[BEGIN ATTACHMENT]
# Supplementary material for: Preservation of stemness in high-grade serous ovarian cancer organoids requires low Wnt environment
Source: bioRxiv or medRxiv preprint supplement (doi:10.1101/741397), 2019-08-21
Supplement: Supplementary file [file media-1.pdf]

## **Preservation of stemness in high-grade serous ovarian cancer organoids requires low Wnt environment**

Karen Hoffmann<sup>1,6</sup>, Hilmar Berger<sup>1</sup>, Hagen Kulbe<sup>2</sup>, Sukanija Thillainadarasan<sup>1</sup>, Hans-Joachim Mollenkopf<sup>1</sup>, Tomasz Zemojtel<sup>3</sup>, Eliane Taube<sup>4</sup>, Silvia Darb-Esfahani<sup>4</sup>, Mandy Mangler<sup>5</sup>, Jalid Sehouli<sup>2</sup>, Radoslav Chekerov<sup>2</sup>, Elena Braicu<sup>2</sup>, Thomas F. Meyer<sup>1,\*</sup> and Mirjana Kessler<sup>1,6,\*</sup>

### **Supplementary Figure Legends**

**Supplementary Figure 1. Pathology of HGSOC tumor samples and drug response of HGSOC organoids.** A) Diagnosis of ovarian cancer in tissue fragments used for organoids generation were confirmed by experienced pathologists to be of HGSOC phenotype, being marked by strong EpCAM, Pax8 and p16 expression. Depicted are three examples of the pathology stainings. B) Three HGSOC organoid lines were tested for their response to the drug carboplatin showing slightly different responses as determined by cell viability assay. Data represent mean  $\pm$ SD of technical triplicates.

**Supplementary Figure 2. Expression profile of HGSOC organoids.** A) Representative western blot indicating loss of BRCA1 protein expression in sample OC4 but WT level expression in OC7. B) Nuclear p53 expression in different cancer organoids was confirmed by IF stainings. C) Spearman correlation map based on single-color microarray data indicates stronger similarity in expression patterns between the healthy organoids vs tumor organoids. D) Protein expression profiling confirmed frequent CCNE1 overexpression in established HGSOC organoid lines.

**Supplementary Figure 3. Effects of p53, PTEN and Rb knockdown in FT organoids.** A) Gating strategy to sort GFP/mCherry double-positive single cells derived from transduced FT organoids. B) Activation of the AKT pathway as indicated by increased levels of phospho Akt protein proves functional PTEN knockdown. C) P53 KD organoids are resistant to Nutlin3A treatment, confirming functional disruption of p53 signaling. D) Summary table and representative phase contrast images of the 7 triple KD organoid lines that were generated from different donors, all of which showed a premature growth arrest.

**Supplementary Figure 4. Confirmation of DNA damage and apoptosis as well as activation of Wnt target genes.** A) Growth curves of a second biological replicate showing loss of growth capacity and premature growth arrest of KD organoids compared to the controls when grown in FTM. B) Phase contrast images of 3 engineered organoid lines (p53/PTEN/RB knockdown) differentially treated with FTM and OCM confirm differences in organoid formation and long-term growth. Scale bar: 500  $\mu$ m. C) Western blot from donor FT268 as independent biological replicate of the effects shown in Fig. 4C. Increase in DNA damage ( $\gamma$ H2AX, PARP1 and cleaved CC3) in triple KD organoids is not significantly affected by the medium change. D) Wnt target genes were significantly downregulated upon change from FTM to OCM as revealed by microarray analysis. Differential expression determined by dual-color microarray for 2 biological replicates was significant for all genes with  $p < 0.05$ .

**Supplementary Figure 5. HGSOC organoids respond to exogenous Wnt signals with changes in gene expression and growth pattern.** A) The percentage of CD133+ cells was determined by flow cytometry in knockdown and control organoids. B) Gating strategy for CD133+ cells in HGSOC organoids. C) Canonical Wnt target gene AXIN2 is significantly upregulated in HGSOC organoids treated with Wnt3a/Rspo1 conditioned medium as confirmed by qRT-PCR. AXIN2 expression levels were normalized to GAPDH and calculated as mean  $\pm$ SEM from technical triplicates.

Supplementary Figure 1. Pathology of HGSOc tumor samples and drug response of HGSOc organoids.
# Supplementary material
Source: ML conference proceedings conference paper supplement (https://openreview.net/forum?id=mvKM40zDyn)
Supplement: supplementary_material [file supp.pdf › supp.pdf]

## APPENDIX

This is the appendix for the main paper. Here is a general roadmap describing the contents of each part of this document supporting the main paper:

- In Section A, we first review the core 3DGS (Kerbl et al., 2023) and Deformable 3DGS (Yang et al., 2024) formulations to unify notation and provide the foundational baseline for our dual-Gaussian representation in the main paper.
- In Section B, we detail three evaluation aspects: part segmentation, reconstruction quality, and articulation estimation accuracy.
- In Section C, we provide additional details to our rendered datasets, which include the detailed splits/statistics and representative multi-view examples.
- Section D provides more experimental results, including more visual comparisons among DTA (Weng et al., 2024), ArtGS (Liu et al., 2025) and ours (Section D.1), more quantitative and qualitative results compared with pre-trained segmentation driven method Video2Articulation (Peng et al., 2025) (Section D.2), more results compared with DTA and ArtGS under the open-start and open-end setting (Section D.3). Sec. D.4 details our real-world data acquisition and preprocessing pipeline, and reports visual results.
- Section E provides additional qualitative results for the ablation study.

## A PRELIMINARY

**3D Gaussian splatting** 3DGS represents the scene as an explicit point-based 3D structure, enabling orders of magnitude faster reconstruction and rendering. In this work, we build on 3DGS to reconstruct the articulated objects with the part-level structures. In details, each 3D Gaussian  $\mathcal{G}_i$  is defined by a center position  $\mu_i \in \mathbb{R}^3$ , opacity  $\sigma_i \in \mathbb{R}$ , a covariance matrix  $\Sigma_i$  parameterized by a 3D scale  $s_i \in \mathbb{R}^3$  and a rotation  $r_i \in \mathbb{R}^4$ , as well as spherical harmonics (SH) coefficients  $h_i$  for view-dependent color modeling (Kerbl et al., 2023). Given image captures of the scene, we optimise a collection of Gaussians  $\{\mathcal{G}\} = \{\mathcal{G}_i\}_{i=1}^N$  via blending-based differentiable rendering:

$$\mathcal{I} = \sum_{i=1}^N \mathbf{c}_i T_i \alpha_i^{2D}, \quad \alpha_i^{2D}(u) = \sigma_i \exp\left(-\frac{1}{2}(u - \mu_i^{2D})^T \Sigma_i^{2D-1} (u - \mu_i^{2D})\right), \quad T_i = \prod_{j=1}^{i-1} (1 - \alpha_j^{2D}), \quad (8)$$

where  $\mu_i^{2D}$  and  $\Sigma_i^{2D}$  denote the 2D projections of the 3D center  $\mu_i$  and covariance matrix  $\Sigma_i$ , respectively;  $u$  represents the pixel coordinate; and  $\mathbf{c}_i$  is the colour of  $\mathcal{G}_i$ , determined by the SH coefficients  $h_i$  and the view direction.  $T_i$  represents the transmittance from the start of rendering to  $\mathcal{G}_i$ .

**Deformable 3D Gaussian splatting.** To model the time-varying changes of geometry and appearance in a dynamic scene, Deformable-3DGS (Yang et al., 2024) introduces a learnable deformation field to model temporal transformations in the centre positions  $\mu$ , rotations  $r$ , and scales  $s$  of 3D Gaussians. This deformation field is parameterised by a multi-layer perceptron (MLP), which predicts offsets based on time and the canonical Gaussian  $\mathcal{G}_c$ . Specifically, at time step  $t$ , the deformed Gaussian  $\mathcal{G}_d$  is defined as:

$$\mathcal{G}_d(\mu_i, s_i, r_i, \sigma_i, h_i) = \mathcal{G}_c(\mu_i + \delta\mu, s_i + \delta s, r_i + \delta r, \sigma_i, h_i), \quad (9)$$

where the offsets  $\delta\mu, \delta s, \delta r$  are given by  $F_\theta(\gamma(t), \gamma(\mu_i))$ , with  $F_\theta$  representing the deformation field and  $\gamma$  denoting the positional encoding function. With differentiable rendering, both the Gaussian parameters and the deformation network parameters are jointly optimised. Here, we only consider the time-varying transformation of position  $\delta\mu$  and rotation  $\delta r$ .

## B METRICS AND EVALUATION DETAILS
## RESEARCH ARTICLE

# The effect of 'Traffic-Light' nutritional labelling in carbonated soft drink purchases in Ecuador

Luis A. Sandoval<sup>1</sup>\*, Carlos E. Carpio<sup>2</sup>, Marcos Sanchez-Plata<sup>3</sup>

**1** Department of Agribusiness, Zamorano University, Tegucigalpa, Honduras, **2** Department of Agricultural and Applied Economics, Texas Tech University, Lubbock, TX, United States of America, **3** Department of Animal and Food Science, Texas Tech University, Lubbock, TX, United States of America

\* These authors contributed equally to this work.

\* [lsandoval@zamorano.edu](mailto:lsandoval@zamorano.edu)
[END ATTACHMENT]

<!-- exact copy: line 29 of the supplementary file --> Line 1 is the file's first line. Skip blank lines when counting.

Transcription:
where the offsets  $\delta\mu, \delta s, \delta r$  are given by  $F_\theta(\gamma(t), \gamma(\mu_i))$ , with  $F_\theta$  representing the deformation field and  $\gamma$  denoting the positional encoding function. With differentiable rendering, both the Gaussian parameters and the deformation network parameters are jointly optimised. Here, we only consider the time-varying transformation of position  $\delta\mu$  and rotation  $\delta r$ .